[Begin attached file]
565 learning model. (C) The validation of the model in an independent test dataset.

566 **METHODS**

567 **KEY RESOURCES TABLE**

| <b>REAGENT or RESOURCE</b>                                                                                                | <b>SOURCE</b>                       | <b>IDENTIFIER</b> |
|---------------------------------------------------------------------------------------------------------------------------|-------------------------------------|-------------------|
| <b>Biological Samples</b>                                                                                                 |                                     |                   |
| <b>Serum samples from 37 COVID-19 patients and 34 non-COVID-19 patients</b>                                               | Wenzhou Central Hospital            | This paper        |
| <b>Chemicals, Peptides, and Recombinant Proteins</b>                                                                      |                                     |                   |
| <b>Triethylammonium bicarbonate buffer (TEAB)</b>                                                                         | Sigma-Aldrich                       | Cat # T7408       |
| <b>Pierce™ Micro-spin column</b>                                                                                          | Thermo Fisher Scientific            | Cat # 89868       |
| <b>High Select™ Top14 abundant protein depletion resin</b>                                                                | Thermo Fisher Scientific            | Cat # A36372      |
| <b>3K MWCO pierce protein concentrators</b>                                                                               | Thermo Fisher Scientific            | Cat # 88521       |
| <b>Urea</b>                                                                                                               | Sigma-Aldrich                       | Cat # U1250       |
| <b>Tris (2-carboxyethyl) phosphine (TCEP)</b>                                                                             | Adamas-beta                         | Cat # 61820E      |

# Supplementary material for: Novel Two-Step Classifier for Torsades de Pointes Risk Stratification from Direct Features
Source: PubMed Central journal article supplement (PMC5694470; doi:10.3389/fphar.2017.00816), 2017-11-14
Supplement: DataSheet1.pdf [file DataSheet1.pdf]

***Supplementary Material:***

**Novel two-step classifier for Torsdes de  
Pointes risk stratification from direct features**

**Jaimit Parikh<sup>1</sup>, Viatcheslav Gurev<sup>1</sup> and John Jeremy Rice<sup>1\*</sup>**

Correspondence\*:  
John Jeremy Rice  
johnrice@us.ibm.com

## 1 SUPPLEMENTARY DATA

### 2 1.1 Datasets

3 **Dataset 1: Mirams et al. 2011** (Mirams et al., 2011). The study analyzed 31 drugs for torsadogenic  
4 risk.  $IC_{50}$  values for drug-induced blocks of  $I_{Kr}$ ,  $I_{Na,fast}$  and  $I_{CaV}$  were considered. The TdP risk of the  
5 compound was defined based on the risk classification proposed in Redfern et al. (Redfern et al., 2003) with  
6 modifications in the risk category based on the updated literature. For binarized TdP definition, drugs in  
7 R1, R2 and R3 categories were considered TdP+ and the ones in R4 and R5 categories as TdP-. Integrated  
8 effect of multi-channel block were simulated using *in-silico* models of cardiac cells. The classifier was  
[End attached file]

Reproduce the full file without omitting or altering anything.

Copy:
565 learning model. (C) The validation of the model in an independent test dataset.

566 **METHODS**

567 **KEY RESOURCES TABLE**

| <b>REAGENT or RESOURCE</b>                                                                                                | <b>SOURCE</b>                       | <b>IDENTIFIER</b> |
|---------------------------------------------------------------------------------------------------------------------------|-------------------------------------|-------------------|
| <b>Biological Samples</b>                                                                                                 |                                     |                   |
| <b>Serum samples from 37 COVID-19 patients and 34 non-COVID-19 patients</b>                                               | Wenzhou Central Hospital            | This paper        |
| <b>Chemicals, Peptides, and Recombinant Proteins</b>                                                                      |                                     |                   |
| <b>Triethylammonium bicarbonate buffer (TEAB)</b>                                                                         | Sigma-Aldrich                       | Cat # T7408       |
| <b>Pierce™ Micro-spin column</b>                                                                                          | Thermo Fisher Scientific            | Cat # 89868       |
| <b>High Select™ Top14 abundant protein depletion resin</b>                                                                | Thermo Fisher Scientific            | Cat # A36372      |
| <b>3K MWCO pierce protein concentrators</b>                                                                               | Thermo Fisher Scientific            | Cat # 88521       |
| <b>Urea</b>                                                                                                               | Sigma-Aldrich                       | Cat # U1250       |
| <b>Tris (2-carboxyethyl) phosphine (TCEP)</b>                                                                             | Adamas-beta                         | Cat # 61820E      |

# Supplementary material for: Novel Two-Step Classifier for Torsades de Pointes Risk Stratification from Direct Features
Source: PubMed Central journal article supplement (PMC5694470; doi:10.3389/fphar.2017.00816), 2017-11-14
Supplement: DataSheet1.pdf [file DataSheet1.pdf]

***Supplementary Material:***

**Novel two-step classifier for Torsdes de  
Pointes risk stratification from direct features**

**Jaimit Parikh<sup>1</sup>, Viatcheslav Gurev<sup>1</sup> and John Jeremy Rice<sup>1\*</sup>**

Correspondence\*:  
John Jeremy Rice  
johnrice@us.ibm.com

## 1 SUPPLEMENTARY DATA

### 2 1.1 Datasets

3 **Dataset 1: Mirams et al. 2011** (Mirams et al., 2011). The study analyzed 31 drugs for torsadogenic  
4 risk.  $IC_{50}$  values for drug-induced blocks of  $I_{Kr}$ ,  $I_{Na,fast}$  and  $I_{CaV}$  were considered. The TdP risk of the  
5 compound was defined based on the risk classification proposed in Redfern et al. (Redfern et al., 2003) with  
6 modifications in the risk category based on the updated literature. For binarized TdP definition, drugs in  
7 R1, R2 and R3 categories were considered TdP+ and the ones in R4 and R5 categories as TdP-. Integrated  
8 effect of multi-channel block were simulated using *in-silico* models of cardiac cells. The classifier was  